- the disclosure is one of the purposes in connection with which the information was obtained or is directly related to the purposes in connection with which the information was obtained; or
- the disclosure is authorised by the individual concerned.
This means that, for example, if you choose to share information with an analytics service provider, users of the app should be informed that part of the purpose of collecting the information is for analytics, and that the intended recipients of the information include that analytics service provider.
How to deal with aggregated information
Some analytics service providers aggregate the information that you collect from your app with other information that other apps provide to it. These service providers often 'hash' your users' information first - a process that involves turning the pieces of personal information that you provide to it into a value or key that represents the original piece of information. Service providers can then analyse this anonymised data against other anonymised data sets that they have collected, and are able to provide you with insights as to how your app's performance compares to other apps in your industry.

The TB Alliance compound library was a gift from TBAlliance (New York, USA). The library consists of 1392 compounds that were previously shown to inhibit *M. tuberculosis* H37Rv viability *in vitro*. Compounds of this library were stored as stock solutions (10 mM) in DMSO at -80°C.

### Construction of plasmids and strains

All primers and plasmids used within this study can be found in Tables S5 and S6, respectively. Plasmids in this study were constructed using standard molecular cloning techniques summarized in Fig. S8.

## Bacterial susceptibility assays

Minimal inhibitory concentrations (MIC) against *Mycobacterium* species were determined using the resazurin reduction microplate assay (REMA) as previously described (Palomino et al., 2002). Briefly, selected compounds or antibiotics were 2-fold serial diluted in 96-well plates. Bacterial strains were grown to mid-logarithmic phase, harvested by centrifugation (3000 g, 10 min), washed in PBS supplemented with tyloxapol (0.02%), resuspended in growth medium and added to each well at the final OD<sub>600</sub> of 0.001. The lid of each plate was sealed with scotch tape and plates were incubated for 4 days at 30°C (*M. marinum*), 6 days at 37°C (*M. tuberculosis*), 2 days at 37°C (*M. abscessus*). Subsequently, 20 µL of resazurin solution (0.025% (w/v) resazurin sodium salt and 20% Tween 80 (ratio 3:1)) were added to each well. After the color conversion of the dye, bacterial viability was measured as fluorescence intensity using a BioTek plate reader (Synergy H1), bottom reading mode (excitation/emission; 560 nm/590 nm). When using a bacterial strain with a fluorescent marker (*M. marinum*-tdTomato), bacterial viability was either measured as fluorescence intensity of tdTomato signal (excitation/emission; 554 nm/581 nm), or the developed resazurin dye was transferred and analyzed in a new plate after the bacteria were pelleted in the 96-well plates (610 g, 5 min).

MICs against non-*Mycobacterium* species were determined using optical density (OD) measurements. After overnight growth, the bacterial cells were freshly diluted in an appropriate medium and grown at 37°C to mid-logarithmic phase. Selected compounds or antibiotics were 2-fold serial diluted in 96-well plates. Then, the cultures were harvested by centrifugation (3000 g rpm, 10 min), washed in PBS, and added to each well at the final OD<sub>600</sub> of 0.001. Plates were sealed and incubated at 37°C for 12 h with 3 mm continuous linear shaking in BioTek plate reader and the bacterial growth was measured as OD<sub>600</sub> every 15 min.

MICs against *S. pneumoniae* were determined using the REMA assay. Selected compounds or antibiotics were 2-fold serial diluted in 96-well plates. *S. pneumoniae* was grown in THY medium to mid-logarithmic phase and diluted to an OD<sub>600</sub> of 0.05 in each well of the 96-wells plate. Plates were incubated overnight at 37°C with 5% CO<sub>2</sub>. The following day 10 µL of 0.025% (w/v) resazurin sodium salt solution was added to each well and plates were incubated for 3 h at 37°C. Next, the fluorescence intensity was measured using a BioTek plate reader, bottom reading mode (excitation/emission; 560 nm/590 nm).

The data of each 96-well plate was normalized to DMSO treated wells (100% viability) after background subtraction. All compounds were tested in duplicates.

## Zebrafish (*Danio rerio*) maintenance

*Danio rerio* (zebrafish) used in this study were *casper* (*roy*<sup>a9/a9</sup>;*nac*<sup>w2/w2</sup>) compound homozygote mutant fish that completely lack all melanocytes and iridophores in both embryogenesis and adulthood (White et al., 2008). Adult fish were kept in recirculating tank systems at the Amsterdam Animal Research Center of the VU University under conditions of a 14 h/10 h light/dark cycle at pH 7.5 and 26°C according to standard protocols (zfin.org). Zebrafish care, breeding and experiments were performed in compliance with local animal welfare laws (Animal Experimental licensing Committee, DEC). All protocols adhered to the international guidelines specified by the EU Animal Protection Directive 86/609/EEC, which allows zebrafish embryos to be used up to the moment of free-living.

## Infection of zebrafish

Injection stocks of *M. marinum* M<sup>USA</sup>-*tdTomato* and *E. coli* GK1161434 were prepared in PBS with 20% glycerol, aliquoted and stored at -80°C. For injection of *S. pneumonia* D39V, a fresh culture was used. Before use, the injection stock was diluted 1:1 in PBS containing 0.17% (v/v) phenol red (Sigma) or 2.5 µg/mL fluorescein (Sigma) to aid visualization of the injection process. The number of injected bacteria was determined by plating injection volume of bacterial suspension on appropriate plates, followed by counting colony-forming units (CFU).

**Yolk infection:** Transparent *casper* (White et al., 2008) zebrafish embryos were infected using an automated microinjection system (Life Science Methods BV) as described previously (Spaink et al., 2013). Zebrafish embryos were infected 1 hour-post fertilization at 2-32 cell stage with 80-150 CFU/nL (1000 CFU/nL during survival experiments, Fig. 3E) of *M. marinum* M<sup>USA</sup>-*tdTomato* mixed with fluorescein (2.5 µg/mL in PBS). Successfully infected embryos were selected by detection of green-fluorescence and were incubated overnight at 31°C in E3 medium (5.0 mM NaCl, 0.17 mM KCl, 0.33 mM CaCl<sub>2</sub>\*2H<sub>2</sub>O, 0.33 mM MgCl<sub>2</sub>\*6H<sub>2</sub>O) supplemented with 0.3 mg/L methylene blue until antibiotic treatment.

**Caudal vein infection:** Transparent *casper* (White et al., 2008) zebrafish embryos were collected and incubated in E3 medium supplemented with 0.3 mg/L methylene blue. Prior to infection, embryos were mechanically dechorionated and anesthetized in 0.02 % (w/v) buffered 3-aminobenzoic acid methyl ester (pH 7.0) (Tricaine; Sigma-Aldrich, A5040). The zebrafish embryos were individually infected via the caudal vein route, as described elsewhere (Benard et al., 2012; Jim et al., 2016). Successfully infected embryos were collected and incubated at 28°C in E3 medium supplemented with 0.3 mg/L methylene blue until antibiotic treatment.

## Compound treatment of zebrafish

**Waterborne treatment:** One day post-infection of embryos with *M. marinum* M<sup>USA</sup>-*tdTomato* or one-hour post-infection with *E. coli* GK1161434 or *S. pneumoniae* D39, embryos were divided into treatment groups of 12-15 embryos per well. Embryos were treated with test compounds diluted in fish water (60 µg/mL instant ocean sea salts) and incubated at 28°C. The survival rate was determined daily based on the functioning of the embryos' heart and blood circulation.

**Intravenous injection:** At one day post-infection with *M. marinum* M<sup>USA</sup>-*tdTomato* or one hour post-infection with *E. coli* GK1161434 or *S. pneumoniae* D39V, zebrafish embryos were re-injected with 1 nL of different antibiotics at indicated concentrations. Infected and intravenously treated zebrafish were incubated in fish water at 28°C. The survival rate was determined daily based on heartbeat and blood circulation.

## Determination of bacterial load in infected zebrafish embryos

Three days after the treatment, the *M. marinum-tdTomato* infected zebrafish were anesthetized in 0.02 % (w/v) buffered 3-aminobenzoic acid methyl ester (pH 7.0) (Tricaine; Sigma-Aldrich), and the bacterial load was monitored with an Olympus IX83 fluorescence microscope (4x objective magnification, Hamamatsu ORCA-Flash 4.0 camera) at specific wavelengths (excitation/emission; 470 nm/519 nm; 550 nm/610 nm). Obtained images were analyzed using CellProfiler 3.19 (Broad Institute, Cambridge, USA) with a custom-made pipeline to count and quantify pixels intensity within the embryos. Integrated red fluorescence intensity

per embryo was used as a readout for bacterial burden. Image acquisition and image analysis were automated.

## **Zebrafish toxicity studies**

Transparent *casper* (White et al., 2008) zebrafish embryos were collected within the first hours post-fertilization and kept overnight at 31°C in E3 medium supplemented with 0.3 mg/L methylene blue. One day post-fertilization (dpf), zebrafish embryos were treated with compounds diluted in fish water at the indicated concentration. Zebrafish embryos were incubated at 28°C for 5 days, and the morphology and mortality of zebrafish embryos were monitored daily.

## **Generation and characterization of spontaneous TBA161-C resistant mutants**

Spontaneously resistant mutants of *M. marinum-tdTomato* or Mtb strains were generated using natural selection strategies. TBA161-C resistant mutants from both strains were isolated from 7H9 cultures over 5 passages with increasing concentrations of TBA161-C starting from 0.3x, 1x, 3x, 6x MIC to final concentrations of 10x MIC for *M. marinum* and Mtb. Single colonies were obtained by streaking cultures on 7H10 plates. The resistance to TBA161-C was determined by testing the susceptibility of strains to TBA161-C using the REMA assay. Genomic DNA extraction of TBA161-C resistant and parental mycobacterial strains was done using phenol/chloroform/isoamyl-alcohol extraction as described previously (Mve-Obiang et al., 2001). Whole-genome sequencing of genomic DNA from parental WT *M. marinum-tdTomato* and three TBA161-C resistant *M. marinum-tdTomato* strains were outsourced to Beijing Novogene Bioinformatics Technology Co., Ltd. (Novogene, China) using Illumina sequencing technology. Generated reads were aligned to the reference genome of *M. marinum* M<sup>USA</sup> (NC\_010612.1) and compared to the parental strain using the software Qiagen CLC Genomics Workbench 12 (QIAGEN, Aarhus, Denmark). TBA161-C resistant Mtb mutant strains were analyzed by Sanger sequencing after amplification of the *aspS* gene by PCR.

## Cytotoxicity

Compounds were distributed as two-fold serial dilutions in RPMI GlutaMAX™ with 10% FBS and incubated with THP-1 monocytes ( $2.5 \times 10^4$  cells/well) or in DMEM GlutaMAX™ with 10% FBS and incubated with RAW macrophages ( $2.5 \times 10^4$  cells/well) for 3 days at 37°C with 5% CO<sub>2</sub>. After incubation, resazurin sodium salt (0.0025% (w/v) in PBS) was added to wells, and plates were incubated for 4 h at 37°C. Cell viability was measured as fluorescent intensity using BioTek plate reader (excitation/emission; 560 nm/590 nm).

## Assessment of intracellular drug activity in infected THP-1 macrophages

When information that you provide to an analytics service provider is aggregated into a data set, that data may not in itself be considered personal information for the purposes of the Privacy Act. However, if that data set is combined with other data sets that could identify an individual, it could fall within the definition of personal information in the Privacy Act. It is important therefore to ensure that any contract between you and an analytics services provider adequately deals with your privacy obligations towards the users of your app.
If you are developing a mobile app for your business, it is important to have regard for the privacy of the potential users of your app and your obligations under the Privacy Act.